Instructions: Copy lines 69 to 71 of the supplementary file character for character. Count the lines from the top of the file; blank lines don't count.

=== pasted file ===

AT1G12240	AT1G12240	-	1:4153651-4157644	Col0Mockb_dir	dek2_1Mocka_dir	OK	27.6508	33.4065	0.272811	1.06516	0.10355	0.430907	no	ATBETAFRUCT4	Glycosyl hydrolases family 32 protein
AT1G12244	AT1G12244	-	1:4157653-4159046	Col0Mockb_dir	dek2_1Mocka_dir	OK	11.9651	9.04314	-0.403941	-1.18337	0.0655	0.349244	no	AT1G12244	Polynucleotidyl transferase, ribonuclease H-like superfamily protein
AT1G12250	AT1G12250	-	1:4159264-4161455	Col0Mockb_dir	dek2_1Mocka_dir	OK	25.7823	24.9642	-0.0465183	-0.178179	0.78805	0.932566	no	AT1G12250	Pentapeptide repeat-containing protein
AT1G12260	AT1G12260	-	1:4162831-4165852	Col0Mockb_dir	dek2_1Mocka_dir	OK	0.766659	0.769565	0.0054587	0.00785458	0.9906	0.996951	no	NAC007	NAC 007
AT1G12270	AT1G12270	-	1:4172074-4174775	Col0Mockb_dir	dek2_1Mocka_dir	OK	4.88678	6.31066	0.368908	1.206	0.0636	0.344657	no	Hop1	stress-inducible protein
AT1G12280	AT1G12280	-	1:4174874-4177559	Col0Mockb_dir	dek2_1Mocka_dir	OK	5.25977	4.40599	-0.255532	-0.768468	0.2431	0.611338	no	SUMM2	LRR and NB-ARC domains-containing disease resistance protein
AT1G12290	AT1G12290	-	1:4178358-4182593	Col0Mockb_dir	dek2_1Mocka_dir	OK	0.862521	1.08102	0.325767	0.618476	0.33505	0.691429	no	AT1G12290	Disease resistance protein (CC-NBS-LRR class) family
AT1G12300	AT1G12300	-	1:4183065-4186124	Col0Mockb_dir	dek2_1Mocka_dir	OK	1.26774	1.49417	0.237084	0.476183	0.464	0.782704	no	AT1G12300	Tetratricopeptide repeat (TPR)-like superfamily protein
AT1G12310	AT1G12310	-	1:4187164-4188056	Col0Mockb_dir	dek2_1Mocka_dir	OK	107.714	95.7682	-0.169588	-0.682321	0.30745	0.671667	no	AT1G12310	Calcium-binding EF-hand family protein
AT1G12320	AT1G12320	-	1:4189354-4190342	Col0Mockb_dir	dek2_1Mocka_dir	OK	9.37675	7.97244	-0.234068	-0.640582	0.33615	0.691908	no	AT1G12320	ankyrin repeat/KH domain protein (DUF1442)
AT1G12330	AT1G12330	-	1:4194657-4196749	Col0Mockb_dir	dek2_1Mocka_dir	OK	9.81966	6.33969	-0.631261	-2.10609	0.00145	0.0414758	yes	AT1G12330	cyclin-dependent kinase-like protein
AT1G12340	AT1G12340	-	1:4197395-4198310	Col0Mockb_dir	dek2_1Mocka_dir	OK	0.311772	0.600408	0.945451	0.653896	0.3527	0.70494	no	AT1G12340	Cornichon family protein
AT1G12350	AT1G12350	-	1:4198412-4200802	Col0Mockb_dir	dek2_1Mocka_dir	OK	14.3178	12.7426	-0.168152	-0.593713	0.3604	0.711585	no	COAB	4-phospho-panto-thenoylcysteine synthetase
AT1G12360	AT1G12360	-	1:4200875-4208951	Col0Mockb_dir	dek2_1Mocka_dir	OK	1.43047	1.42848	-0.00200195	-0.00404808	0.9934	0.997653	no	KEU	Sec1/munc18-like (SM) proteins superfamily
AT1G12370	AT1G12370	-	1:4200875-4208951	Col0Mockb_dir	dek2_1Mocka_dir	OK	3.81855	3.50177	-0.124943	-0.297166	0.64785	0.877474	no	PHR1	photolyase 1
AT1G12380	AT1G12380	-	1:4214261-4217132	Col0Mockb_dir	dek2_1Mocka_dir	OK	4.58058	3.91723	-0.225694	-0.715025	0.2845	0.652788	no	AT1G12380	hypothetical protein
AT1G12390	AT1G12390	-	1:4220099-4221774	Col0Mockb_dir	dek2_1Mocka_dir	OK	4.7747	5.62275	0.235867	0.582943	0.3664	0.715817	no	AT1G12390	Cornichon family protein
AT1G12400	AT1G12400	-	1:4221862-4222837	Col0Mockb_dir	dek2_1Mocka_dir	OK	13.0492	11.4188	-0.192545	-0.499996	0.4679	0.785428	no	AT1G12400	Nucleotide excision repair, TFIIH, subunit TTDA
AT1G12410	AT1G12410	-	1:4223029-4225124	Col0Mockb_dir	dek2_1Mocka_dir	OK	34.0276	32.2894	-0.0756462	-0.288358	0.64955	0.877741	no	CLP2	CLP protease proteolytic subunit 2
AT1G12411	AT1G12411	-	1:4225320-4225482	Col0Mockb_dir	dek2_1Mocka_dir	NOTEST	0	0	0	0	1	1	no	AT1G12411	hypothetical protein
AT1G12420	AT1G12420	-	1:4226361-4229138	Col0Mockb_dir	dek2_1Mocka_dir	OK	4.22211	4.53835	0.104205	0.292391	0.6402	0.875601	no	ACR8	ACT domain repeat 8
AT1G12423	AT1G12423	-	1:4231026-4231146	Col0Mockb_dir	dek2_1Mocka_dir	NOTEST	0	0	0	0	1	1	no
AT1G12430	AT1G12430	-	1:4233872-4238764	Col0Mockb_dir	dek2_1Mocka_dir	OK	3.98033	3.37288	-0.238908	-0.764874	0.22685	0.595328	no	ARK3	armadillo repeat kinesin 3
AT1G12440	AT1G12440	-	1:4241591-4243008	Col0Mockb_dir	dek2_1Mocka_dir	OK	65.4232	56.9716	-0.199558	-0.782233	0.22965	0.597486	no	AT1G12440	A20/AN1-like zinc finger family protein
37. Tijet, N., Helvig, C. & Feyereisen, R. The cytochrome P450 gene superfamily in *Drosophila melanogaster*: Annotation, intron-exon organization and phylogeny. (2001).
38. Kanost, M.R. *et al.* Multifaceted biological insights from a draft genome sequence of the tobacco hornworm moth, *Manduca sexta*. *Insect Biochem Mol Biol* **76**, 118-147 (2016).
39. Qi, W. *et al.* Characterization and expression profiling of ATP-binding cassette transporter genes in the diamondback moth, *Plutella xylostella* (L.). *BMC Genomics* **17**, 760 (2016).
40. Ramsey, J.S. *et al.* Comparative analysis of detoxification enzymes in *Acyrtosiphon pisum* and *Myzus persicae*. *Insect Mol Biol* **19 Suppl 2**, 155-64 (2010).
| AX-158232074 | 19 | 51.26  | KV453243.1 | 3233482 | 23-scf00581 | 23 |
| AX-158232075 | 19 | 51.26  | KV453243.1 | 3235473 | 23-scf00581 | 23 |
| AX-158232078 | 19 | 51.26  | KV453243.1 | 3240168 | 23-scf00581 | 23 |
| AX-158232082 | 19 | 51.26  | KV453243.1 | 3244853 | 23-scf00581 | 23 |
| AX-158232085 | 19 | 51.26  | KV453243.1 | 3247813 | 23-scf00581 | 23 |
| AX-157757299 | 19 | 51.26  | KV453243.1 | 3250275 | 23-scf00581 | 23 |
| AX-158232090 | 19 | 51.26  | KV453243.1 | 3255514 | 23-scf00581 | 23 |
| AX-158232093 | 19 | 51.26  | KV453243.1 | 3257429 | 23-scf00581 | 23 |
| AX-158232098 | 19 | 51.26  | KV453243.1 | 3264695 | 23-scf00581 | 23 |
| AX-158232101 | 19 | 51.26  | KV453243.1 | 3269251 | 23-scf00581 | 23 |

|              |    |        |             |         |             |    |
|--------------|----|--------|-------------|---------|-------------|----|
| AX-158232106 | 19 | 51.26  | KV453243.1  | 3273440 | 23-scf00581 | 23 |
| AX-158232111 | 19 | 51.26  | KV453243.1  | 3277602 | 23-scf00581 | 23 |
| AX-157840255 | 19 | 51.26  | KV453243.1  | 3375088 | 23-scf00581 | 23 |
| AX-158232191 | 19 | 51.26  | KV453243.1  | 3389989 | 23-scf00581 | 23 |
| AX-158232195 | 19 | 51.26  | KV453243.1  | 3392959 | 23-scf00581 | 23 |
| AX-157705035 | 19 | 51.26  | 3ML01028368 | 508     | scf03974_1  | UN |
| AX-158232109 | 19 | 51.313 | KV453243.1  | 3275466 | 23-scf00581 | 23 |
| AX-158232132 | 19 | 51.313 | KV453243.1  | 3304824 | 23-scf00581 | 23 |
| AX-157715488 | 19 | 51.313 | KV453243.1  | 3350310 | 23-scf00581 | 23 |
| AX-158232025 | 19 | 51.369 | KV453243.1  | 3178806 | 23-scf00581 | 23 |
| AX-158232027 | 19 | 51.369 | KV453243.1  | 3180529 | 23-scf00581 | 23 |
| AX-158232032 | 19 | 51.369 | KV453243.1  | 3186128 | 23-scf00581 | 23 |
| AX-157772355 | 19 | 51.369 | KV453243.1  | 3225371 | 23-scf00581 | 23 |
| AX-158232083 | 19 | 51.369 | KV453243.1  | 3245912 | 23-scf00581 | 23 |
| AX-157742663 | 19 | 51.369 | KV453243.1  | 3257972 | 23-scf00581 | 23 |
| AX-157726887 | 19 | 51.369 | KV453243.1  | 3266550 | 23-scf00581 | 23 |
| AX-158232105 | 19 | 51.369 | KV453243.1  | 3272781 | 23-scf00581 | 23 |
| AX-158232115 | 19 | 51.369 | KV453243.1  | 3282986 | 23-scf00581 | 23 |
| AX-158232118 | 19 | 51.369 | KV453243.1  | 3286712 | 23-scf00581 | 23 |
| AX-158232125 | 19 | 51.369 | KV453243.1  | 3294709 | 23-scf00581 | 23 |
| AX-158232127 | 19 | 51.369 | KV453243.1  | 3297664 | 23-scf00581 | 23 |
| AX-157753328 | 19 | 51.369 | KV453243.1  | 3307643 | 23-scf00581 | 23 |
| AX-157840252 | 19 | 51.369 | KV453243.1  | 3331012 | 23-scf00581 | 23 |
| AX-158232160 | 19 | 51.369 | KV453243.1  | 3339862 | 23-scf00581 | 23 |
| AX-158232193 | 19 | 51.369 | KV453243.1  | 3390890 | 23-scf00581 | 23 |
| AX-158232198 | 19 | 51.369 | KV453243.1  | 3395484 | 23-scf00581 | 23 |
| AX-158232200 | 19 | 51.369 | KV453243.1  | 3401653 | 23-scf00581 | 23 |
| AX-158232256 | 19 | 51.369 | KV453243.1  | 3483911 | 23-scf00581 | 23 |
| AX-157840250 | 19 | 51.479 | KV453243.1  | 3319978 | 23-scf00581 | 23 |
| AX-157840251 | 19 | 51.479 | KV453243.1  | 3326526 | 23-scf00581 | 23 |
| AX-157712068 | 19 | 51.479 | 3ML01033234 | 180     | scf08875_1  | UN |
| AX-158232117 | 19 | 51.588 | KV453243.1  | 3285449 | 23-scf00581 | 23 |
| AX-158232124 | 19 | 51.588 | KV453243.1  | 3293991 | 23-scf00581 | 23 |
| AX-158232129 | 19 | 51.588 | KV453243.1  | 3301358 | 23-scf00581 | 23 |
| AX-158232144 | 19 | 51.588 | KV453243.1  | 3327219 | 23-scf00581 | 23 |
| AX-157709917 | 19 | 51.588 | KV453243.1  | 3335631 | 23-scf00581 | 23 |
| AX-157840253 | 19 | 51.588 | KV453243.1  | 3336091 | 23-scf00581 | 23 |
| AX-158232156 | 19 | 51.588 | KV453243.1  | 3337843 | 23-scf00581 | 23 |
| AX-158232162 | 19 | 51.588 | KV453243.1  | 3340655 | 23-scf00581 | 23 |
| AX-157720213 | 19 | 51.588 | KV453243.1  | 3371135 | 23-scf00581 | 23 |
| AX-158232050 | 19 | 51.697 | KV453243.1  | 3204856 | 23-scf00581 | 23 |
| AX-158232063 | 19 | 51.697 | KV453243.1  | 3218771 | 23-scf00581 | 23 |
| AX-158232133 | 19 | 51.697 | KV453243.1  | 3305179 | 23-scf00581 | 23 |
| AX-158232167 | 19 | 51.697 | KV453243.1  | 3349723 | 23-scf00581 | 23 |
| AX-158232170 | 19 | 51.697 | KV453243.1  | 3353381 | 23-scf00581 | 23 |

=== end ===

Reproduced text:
| AX-157840250 | 19 | 51.479 | KV453243.1  | 3319978 | 23-scf00581 | 23 |
| AX-157840251 | 19 | 51.479 | KV453243.1  | 3326526 | 23-scf00581 | 23 |
| AX-157712068 | 19 | 51.479 | 3ML01033234 | 180     | scf08875_1  | UN |